• December–December Romance: While Jack Lemmon had 16 years on Ann-Margret, and she is very well preserved, Ariel is past middle age and John is retired.
  • Dirty Old Man:
    • Grandpa Gustafson had more Unusual Euphemisms for sex than your average Fark thread. In other words, when it comes to women and for an old man, he has an abnormally perverted obsession with sex, even revealed clearly just by his kinky remarks.
    • The outtakes during the credits roll highlights this, with his using fictional Hawaiian islands as a means of seduction (e.g., "Imakindakinky")
    • Also, his advice to John regarding Ariel:
      Grandpa: You mount the woman, son. Otherwise, send her over to my place. Heh heh.
  • Disproportionate Retribution: Max destroys John's ice shanty because he thought John was stealing Ariel away from him like he did with May (who John says was no good for him anyway).
  • Exact Words: John kisses Ariel after a nice evening at his house, surprising her and himself. She backs off and says it's time for bed, then heads for the door. After berating himself ("Dumb, dumb, dumb.") he follows her to apologize:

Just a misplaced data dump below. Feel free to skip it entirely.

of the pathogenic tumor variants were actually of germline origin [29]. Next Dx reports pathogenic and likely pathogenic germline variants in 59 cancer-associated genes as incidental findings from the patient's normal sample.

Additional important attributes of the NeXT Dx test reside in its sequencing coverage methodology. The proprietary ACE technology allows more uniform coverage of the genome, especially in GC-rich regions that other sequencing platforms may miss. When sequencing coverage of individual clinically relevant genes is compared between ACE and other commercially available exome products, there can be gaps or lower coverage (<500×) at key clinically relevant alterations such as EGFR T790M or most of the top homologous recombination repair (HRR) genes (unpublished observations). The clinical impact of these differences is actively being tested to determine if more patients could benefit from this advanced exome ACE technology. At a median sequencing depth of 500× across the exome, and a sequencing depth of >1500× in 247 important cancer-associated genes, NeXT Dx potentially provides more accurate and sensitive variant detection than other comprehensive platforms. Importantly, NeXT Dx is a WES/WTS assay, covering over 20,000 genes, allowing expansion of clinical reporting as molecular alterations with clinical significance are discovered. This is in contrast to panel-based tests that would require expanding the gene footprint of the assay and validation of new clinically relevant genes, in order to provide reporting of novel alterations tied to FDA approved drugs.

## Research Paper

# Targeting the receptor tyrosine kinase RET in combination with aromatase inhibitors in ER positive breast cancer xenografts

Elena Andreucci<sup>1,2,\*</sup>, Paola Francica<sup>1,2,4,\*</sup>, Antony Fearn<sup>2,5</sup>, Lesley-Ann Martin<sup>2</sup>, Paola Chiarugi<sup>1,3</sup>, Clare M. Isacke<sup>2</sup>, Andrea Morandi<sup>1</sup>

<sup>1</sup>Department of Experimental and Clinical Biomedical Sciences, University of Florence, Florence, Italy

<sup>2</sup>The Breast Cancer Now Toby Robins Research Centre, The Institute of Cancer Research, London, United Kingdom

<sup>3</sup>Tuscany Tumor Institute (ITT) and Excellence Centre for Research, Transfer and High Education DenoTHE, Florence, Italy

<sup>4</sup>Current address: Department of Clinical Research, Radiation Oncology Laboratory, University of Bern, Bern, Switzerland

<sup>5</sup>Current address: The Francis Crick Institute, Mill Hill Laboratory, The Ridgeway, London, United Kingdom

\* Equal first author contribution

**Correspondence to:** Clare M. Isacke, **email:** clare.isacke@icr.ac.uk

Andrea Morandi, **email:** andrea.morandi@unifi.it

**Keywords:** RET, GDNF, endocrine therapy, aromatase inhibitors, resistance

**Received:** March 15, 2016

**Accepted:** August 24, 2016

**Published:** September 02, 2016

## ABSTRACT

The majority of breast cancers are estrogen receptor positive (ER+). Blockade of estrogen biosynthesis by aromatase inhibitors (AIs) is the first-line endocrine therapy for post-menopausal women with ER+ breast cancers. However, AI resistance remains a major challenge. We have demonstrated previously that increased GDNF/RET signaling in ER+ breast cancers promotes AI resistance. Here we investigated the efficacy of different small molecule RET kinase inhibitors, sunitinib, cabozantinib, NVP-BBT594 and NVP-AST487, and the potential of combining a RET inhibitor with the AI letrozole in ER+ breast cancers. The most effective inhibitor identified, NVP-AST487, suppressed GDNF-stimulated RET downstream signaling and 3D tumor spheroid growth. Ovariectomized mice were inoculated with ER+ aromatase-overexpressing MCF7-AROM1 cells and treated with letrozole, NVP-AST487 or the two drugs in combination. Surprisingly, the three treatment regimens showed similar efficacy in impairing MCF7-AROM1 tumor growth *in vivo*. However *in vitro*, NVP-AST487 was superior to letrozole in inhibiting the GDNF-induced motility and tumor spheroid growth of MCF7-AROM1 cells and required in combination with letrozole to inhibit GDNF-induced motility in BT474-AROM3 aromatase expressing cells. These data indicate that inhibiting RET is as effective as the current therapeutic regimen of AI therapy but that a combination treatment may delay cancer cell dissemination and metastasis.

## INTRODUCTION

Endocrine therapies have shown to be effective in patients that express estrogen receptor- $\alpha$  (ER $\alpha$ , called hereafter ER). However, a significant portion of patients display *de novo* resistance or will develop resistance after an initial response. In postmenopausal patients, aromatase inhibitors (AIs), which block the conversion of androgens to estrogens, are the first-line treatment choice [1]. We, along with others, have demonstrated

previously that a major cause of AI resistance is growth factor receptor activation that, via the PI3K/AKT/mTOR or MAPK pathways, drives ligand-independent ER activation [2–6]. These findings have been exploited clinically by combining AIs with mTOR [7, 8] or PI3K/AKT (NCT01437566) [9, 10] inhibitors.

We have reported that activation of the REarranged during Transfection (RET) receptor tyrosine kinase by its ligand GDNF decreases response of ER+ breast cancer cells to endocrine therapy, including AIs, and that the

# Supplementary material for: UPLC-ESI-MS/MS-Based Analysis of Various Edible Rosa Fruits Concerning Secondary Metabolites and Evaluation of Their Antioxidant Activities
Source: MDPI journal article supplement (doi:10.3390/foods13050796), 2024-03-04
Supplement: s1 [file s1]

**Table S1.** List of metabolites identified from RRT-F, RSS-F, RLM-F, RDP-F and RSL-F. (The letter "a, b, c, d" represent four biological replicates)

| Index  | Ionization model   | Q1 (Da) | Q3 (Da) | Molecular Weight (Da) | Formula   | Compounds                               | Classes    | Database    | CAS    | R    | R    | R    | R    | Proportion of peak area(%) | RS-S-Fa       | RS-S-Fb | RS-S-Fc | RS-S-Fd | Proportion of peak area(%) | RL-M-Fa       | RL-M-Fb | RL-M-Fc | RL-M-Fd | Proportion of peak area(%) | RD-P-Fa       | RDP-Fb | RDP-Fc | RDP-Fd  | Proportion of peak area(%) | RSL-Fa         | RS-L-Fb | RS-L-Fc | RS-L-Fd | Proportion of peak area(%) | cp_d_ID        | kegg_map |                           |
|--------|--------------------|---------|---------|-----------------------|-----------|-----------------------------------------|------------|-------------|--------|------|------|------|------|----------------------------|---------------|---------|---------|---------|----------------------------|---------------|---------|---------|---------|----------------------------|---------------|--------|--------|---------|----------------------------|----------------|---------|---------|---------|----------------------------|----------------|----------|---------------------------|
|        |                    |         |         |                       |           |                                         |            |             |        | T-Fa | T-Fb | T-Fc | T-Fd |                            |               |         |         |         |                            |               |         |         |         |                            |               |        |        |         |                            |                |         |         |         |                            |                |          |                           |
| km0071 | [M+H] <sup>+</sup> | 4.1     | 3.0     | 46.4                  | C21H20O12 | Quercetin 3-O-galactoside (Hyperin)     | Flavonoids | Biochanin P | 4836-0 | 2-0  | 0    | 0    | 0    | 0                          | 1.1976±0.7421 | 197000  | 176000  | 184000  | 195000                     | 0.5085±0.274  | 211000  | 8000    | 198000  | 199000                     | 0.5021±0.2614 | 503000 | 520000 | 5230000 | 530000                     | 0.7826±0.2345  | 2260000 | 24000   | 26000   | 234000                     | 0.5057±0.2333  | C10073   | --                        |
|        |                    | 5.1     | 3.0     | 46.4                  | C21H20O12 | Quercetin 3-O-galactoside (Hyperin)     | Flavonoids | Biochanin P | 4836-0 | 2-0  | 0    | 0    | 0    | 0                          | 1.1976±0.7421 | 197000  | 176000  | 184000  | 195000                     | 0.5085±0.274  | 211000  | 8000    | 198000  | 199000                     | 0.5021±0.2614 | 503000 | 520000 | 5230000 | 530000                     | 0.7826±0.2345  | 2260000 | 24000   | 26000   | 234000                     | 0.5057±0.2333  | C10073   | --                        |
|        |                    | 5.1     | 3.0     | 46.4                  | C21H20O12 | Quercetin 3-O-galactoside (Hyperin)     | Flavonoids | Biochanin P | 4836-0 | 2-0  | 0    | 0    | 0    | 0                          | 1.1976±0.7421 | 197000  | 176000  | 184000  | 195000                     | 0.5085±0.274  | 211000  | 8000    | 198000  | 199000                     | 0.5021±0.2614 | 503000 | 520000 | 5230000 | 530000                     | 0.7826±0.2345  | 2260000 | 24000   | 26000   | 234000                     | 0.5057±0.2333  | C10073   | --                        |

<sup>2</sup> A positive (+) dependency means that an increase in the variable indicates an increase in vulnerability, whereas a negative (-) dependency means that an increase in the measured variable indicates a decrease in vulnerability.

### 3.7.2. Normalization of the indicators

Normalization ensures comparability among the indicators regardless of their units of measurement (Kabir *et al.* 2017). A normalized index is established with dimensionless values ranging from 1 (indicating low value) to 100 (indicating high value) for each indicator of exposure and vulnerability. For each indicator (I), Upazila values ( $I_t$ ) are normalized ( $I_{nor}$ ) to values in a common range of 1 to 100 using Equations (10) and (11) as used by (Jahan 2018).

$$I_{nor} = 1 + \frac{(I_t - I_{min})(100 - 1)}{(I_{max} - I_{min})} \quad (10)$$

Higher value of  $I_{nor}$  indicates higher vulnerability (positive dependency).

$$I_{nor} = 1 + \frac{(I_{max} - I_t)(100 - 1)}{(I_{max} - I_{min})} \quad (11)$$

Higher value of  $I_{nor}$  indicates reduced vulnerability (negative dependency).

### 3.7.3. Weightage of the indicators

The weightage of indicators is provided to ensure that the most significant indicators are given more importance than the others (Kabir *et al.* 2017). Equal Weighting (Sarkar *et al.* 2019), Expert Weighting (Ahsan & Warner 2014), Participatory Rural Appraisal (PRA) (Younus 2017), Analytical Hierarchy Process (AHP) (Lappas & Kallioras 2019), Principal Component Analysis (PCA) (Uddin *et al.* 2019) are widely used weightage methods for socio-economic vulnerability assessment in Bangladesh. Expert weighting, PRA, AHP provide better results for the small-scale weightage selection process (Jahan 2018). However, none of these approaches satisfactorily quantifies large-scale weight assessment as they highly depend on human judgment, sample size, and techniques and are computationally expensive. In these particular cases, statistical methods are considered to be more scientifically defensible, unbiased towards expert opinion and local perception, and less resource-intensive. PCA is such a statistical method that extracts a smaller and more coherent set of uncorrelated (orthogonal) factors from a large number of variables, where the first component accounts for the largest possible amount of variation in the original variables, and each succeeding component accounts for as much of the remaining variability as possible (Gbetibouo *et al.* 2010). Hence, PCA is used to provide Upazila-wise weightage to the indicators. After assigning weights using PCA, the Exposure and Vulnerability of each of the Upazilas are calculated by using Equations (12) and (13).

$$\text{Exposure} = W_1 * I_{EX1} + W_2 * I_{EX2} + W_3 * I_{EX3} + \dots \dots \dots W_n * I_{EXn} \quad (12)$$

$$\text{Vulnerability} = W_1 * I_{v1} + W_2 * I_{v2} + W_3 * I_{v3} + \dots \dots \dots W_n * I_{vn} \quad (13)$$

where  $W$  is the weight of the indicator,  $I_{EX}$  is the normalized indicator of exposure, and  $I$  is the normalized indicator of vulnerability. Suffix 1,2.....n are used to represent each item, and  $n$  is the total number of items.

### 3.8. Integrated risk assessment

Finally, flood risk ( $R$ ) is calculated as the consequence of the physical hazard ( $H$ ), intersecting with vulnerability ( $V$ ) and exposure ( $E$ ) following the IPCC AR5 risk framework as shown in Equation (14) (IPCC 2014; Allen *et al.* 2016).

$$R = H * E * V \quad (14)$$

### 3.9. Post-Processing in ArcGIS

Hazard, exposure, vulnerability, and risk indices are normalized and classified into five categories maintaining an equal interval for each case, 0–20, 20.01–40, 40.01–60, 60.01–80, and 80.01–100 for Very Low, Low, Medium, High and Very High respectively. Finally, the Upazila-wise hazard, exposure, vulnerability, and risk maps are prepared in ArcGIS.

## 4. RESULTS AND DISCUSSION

John: Ariel, I... *sees her locking the door* I thought you said...
    Ariel: I said, "It's time for bed."
  • "Facing the Bullets" One-Liner: Okay, so it's a heart attack and he ends up surviving, but it still counts.
    Max: John, are you dead?
    John: No. And I don't wanna die looking at your ugly face.
  • Foreshadowing: At the beginning of the movie, the two talk about what are comfortable ways to die. John comments that strokes are terrible and he'd rather have a cardiac arrest any day. Guess what happens towards the end of the movie. He lives through it, however.
  • Granola Girl: Ariel, who replaced her TV's screen with a fishbowl and used to teach art at Berkeley.